It is now only two days until the election. During the past week the campaign in Pulaski County has taken on a very lively interest. There is no question but what the sentiment of this county is strongly in favor of Governor Black for the Democratic nomination for Governor. He should carry the county by at least 1,000 majority. His campaign workers thru the county report all precincts in good condition. The tide has turned to Governor Black during the past week and it now seems assured he will get a unanimous vote in this county. For a while Judge Carroll's friends made some progress but when the campaign issues were put up to the voters it did not take them long to decide which was the stronger candidate. Judge Black it is now conceded will be 25,000 votes stronger in November than his opponent. Governor Black will be able to meet his Republican opponent on the stump. Judge Carroll is no speaker and it is said that he has lost votes wherever he has spoken in this campaign. Governor Black is the stronger with the temperance forces of the state. This will add to his strength in the final race. He is the ideal candidate and the Democrats realize this fact and for that reason they are going to nominate him next Saturday. Let Pulaski do her duty and stand by a mountain man. If you want your taxes higher vote for Judge Carroll. If not vote for Governor Black. If you are a temperance advocate and want to see the prohibition laws enforced, vote for Governor Black. He will do it. When you go to the polls next Saturday don't forget that we have a home man running for the Democratic nomination for State Auditor. The vote of Pulaski county might nominate him. Look for the name of J.P.W. Brouse on the ballot. If Judge Carroll is elected Governor he will retain in office all the Stanley appointees. Haven't we had enough of those! Mt. Zion. The revival at Wilson will continue this week. Born to the wife of J.C. Howell, a fine boy. Miss Nannie Leigh of Hogue, spent from Thursday until Saturday with her cousins, Delmar and Ray Baugh. W.T. York was called home on the account of the illness and death of his baby. Mr. York has been in Illinois for some time. School will begin here Monday with W.R. Robbins as teacher. Miss Thelma Hines left Sunday to begin her school at Camp ground. The Death Angel visited the home of W.T. York, Tuesday, July 22, and took away their baby, Harold, and at G.W. Calhoun Wednesday, July 23, and took their baby Cory. Their little bodies budded on earth to bloom in Heaven. Funerals were held Thursday, at Wilson Chapel by Sister McClurkan and Sister Bruner. Interment in Mt. Zion cemetery with the little cousins in one grave. We extend great sympathies to the bereaved families. Personals. Ed Moore has returned from a trip to Louisville and Lebanon. Mrs. Oliver Meridith is the guest of her niece, Mrs. Ray Johnson. Judge V.P. Smith spent part of the week in Lexington on business. Mr. and Mrs. Joe Carl have moved into their new home on Lincoln street. Rev. B.J. Boland spent several days this week in Lexington and Covington. Mrs. John Tate, of Little Rock, Ark., is visiting friends and relatives in Somerset. Mr. C.D. Portwood, of Lexington, has been in the city this week on business. Miss Mary Wymond of Mayfield, Ky., has been the guest of Mrs. Edwin P. Morrow. Miss Elsie Potter will teach Home Economics in the schools at Midway this year. Elmer Weddle and Larue Jones left Saturday for a visit with friends in Danville, Ky. W.S. Alexander left Tuesday for Crab Orchard Springs where he will be for two weeks. Mrs. J.A. Cassada and children left this week for Chattanooga, Tenn., to visit relatives. Mrs. Ada Grinnell and children, of Paducah, Ky., have been the guests of Mr. and Mrs. George Hill. Miss Julia Toomy of Glen Mary, Tenn., is visiting her sister, Mrs. Anna Dunkiburg on Griffin avenue. Lost. Ladies Gloria black silk umbrella with straight black handle. Finder return to Mrs. D.W. Scott. Mr. and Mrs. Tyre Gentry, of Lebanon Junction, Ky., motored thru to visit Mrs. Gentry's parents near Plato. Captain J.J. Bethurum was in the city Monday between trains en route to his post at Camp Funston, Kansas. Mr. and Mrs. Charles Cain, of Marion, Ohio, were guests last week of Mr. Cain's mother, Mrs. M.A. Cain. Mr. and Mrs. Will Ardery, of Paris, Ky., have returned home after a visit with the family of J.M. Richardson. The many friends of Dr. Arthur Tate, of Little Rock, Ark., were glad to see him here this week for a visit. T.E. Jasper and family motored to Lexington last weekend and enjoyed a delightful trip thru the bluegrass. Mrs. T.O. Sechrist, of Louisville, and Mrs. Frank Todd, of Bardstown, Ky., are visiting friends here this week. Mrs. B.F. Haynes will leave Thursday to join Mr. and Mrs. J.F. Haynes in Lexington, en route to their home in Edgerton, W.Va. Mrs. Charles Wuest, and daughter, Elizabeth, of Cincinnati, Ohio, are visiting her parents Mr. and Mrs. Sheppard on South Main Street. Mr. Ben Bosworth, of Lexington, Ky., was in the city this week looking after business for the office of the State Fire Marshall. A.E. Barnes and family are in Madison county this week visiting. Mr. Barnes is incidentally putting in some good work for Dr. Brouse for Auditor. Judge B.J. Bethurum is in Adair county this week speaking for Captain King Swope, the Republican nominee for Congress from the Eighth District. Master William Marshall Clark invited quite a number of his friends to a birthday party last Monday at the home of his parents, Mr. and Mrs. William Clark. Miss Edna Gooch has returned from Somerset, where she was the guest of Miss Margaret Read. Many enjoyable affairs were given in her honor - Danville Advocate. Kenneth and Wallace Heaps, of Chattanooga, Tenn., who have been the guests of Mr. and Mrs. Claude Gover, left this week for Danville to visit F.C. Snyder and family. Miss Flora Shenneman, who has a very responsible position in Washington in the Bureau of War Risk Insurance, is visiting her parents, Mr. and Mrs. J.A. Shenneman. Judge and Mrs. B.J. Bethurum have taken an apartment in Lexington for several weeks. They will go from Lexington to Mt. Vernon where Judge Bethurum will open court. Misses Minerva Meaps, Nora and Vida Weddle spent Sunday with Mrs. Tom Snyder at Danville. They enjoyed a trip to Frankfort and Lexington in Mr. Snyder's car. Porter Elliott, son of Mr. and Mrs. George Elliott, is here for a visit with his parents. Porter has just returned from a years service overseas and is looking like the army agreed with him. Rev. J.W. Gardner, pastor of the Methodist Church at Millersburg, Ky., is here this week on business. He says his son, who was a Lieutenant in the army, has just returned home. Mrs. Mary Williams has returned to her home in Mt. Vernon, Ky., after a visit to her son, M.C. Williams. Mr. and Mrs. M. C. Williams and son, James, accompanied her home. They motored thru. Mr. and Mrs. W.J. Brown, of Modesta, California, are visiting friends and relatives here this week. Mr. Brown was recently elected County Attorney of his county and is making the people of that county an excellent officer. Mr. and Mrs. J.M. Hynes who have visiting her parents, Mr. and Mrs. L.A. Gover, left Wednesday for Louisville to visit Mr. Hyne's parents before returning to their home at Delorme, W.Va. Carroll Owens has returned to Somerset after a years service overseas. He left Somerset with Company G, State Guards, at the outbreak of the war. He was stationed in France for a while then later with the Army of Occupation. Mr. F.V. McChesney, who has been Superintendent of the City Schools at Burnside, Ky., for the past several years, will have charge of the schools at Midway this year. He and his wife are now visiting Judge and Mrs. James Denton. Chas. Curtis, who was a member of Dr. Barrow's Hospital Unit, has just returned from a years service overseas. He was detached from this Unit last April and sent to France where he remained for several months. While in France, he was given a furlough and visited many of the historic cities in France and Italy. Mrs. Paul Dexheimer left Saturday for Hattiesburg, Miss., to join her husband who has just returned from overseas. Capt. Dexheimer has been in the service for two years. As soon as he is discharged he and Mrs. Dexheimer will return to Somerset. For Sale. Nine fresh milch cows. Make your selections. Also two young mares. Delmont Cundiff.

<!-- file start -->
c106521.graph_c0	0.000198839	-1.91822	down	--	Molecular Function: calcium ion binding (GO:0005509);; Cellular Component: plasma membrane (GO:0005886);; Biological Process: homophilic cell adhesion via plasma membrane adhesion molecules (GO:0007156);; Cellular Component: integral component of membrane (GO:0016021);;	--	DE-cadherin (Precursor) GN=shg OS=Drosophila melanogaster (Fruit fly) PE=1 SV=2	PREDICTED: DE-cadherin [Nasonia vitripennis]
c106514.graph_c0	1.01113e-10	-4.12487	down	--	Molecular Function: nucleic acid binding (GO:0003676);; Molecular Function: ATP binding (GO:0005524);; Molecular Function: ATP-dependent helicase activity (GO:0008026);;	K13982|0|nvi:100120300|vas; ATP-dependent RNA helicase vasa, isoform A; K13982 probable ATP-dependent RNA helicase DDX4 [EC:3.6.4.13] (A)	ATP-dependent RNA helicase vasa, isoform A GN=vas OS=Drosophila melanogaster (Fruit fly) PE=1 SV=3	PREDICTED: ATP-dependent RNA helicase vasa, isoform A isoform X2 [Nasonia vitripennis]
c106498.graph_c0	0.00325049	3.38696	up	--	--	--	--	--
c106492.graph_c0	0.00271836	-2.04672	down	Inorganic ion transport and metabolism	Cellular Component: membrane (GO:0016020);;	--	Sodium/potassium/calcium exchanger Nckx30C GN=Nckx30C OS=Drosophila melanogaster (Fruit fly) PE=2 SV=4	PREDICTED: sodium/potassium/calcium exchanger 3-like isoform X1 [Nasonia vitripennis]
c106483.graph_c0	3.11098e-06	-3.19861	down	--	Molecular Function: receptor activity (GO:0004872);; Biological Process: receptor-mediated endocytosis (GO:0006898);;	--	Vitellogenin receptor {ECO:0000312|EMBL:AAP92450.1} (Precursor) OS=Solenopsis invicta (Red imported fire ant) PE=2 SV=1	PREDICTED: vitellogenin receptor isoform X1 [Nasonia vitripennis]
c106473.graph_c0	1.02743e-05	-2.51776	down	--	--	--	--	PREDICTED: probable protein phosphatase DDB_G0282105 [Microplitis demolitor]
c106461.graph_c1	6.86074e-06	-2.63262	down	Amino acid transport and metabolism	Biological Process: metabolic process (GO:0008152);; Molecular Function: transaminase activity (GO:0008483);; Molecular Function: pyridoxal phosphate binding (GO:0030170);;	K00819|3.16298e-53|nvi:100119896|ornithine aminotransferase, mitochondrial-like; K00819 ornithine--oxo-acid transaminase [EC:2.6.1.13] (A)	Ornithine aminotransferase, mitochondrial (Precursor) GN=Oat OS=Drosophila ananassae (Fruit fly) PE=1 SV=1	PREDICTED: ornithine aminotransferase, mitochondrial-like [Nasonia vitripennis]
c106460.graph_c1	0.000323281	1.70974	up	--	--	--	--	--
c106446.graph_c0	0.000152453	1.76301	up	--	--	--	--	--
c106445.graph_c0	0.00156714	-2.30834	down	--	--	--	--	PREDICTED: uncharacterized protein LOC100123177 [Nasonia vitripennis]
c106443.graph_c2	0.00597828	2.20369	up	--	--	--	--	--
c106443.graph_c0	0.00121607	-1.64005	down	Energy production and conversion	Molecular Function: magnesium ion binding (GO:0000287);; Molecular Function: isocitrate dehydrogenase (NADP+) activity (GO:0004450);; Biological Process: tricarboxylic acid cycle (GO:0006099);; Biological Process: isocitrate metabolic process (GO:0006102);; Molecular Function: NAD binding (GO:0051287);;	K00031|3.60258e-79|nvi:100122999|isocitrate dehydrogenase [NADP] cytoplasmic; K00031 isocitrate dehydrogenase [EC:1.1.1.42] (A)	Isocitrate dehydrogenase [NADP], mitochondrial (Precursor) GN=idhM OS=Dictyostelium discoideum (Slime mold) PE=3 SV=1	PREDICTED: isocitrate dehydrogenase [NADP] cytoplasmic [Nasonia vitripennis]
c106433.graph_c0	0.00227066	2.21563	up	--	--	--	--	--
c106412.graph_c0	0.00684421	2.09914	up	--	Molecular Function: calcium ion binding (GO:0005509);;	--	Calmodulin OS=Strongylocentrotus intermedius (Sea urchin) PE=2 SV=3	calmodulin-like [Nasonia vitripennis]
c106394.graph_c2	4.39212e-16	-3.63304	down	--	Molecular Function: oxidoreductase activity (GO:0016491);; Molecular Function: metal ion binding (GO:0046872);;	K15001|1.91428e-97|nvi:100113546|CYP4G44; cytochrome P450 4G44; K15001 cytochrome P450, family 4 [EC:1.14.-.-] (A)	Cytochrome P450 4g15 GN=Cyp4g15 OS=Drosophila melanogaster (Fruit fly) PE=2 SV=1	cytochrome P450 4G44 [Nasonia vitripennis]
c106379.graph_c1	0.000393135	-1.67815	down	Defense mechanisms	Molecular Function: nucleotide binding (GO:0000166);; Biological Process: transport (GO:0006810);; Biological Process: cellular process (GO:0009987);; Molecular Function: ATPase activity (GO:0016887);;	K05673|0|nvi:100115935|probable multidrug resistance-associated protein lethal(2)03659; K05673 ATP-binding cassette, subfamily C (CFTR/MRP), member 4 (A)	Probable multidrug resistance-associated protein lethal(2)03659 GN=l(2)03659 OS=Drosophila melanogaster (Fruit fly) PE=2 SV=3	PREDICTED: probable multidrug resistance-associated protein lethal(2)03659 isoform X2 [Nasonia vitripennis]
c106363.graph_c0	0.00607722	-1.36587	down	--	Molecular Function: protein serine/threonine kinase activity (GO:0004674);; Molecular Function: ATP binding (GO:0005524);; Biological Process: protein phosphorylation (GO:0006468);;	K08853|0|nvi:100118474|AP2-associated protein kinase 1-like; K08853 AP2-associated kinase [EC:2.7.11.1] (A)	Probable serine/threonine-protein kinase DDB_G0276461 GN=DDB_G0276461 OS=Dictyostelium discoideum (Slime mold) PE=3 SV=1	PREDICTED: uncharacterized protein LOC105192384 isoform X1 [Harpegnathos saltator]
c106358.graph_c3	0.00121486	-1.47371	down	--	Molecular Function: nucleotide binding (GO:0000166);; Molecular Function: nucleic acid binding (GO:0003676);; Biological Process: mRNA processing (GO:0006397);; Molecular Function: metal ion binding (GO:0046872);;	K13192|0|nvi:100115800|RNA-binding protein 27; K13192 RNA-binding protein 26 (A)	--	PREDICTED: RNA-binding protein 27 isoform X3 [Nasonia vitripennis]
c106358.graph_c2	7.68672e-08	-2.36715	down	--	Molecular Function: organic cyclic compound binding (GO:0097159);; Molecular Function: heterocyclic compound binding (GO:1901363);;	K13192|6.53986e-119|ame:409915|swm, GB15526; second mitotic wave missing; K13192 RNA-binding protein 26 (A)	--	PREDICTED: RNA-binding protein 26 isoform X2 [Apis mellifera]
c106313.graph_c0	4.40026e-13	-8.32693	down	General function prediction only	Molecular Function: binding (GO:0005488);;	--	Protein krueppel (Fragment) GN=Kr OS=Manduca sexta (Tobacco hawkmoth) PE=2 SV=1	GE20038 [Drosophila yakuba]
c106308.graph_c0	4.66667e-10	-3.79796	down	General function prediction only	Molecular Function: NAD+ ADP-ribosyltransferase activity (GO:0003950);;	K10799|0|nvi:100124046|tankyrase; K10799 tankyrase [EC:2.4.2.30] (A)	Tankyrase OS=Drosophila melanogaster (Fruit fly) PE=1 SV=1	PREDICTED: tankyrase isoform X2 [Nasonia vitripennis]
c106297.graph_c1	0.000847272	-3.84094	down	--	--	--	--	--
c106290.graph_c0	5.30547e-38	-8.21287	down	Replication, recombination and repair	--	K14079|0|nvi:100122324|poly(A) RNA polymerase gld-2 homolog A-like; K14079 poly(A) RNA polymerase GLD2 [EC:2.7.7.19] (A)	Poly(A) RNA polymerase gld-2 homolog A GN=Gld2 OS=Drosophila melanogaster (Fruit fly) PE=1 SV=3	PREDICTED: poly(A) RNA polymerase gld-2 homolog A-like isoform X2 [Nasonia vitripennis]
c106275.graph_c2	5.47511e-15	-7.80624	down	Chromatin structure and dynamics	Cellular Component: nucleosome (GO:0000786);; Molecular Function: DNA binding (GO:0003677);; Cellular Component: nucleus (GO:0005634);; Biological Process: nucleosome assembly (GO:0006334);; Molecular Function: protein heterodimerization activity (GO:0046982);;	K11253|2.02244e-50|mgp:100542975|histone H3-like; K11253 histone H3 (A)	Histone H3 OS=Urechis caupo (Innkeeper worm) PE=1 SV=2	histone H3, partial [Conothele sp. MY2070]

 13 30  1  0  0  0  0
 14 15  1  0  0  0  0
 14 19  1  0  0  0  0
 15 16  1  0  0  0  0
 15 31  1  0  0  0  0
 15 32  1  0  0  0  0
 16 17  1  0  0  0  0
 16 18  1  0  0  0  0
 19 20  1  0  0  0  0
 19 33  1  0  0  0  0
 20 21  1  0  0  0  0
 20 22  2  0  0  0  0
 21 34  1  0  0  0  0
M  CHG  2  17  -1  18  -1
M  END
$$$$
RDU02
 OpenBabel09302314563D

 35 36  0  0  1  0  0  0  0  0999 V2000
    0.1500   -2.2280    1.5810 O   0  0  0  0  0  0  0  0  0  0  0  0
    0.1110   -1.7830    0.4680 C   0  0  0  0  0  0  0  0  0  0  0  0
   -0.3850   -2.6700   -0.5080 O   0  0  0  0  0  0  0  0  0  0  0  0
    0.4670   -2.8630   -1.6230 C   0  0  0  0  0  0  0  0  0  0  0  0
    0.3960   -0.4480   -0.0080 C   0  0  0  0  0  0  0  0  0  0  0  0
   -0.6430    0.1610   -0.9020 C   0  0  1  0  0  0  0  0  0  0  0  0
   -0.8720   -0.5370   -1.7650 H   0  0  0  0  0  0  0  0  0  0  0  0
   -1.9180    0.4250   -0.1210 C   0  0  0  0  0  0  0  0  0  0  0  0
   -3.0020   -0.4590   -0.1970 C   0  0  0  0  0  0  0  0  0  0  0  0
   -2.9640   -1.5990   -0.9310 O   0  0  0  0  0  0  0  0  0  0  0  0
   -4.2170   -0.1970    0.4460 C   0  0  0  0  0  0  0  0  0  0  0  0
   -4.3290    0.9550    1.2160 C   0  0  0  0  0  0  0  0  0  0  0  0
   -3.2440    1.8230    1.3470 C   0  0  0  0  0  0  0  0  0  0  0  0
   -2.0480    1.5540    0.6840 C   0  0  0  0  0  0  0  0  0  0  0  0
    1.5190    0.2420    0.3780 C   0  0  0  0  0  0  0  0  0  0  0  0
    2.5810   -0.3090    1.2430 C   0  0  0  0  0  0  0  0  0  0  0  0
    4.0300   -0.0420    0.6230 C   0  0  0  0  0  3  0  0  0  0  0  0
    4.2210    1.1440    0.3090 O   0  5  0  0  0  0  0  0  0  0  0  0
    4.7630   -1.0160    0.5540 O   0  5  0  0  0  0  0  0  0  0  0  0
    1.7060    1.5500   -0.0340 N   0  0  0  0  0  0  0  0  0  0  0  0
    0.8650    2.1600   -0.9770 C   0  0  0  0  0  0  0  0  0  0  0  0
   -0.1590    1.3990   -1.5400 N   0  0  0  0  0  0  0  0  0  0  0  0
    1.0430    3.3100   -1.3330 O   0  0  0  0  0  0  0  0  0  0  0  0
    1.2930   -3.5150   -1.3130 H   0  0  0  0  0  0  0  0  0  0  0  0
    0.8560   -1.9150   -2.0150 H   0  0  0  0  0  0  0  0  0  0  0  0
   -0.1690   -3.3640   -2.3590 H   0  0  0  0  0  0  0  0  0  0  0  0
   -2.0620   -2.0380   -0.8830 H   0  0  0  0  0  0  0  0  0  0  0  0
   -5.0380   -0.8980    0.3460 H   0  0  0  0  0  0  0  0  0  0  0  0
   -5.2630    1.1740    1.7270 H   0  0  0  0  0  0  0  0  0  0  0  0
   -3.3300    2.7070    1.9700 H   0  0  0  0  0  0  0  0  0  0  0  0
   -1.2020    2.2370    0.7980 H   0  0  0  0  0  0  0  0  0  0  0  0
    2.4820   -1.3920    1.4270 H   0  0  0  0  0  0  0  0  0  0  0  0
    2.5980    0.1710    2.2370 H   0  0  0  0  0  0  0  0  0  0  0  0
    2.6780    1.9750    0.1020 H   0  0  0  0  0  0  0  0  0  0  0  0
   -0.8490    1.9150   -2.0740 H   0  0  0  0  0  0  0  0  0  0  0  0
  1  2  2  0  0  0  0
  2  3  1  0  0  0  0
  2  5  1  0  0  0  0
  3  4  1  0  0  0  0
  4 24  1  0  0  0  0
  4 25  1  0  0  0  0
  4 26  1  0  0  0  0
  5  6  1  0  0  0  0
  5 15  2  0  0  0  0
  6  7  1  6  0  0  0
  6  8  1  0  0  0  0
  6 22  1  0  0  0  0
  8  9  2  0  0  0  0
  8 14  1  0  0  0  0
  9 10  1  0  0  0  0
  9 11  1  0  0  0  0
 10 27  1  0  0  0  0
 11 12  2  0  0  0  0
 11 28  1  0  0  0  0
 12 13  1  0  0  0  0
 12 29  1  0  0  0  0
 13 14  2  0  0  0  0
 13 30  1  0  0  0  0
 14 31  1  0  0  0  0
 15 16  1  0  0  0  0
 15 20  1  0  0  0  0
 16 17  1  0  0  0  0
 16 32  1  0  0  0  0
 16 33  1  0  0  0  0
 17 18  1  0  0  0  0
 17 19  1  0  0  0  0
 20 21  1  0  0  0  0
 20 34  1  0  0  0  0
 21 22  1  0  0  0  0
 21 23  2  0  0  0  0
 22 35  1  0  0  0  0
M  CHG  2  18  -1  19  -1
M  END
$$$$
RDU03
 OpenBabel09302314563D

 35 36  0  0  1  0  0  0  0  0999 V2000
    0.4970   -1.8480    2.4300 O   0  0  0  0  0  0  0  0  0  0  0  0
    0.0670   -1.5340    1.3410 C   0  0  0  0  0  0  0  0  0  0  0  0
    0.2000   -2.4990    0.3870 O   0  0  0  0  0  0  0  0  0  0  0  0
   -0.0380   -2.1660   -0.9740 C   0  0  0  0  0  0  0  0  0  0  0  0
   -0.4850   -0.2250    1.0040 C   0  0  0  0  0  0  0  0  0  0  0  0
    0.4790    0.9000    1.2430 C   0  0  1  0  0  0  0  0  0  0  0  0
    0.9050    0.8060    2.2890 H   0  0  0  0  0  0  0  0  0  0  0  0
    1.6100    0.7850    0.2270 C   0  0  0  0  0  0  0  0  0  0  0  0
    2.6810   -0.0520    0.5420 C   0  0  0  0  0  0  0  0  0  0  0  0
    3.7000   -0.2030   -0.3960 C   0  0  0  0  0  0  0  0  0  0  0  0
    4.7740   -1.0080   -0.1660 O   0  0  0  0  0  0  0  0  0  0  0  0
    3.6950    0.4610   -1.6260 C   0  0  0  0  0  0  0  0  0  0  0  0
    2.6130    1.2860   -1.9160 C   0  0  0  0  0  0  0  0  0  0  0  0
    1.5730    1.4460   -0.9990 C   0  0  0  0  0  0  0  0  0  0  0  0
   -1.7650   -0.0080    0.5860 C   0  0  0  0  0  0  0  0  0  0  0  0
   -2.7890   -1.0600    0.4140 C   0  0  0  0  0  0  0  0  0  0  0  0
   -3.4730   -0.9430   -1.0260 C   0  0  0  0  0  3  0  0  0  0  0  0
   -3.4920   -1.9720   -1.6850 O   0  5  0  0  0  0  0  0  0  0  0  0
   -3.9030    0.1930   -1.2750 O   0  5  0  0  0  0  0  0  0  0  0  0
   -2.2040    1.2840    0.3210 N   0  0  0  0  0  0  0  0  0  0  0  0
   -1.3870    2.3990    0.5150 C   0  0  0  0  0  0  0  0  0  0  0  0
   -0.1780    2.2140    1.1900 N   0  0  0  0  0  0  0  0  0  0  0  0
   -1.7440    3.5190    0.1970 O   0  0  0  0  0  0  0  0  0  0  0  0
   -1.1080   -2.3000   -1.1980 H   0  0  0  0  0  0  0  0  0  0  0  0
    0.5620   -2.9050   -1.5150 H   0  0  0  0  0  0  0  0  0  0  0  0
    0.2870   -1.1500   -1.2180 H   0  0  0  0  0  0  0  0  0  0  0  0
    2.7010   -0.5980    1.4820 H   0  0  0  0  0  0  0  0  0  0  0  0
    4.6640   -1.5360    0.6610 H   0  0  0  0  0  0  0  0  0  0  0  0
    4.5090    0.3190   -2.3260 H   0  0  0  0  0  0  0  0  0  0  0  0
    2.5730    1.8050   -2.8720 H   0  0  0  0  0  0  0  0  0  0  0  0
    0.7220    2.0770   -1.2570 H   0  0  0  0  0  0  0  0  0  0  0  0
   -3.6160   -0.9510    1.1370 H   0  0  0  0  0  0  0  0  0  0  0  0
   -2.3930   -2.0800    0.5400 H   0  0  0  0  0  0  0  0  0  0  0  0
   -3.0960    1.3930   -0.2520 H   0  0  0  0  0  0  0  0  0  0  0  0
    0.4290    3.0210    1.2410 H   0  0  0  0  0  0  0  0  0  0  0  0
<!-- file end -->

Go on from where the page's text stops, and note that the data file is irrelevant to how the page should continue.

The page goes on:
Last Update Saturday, 29-Dec-2012 18:57:35 EST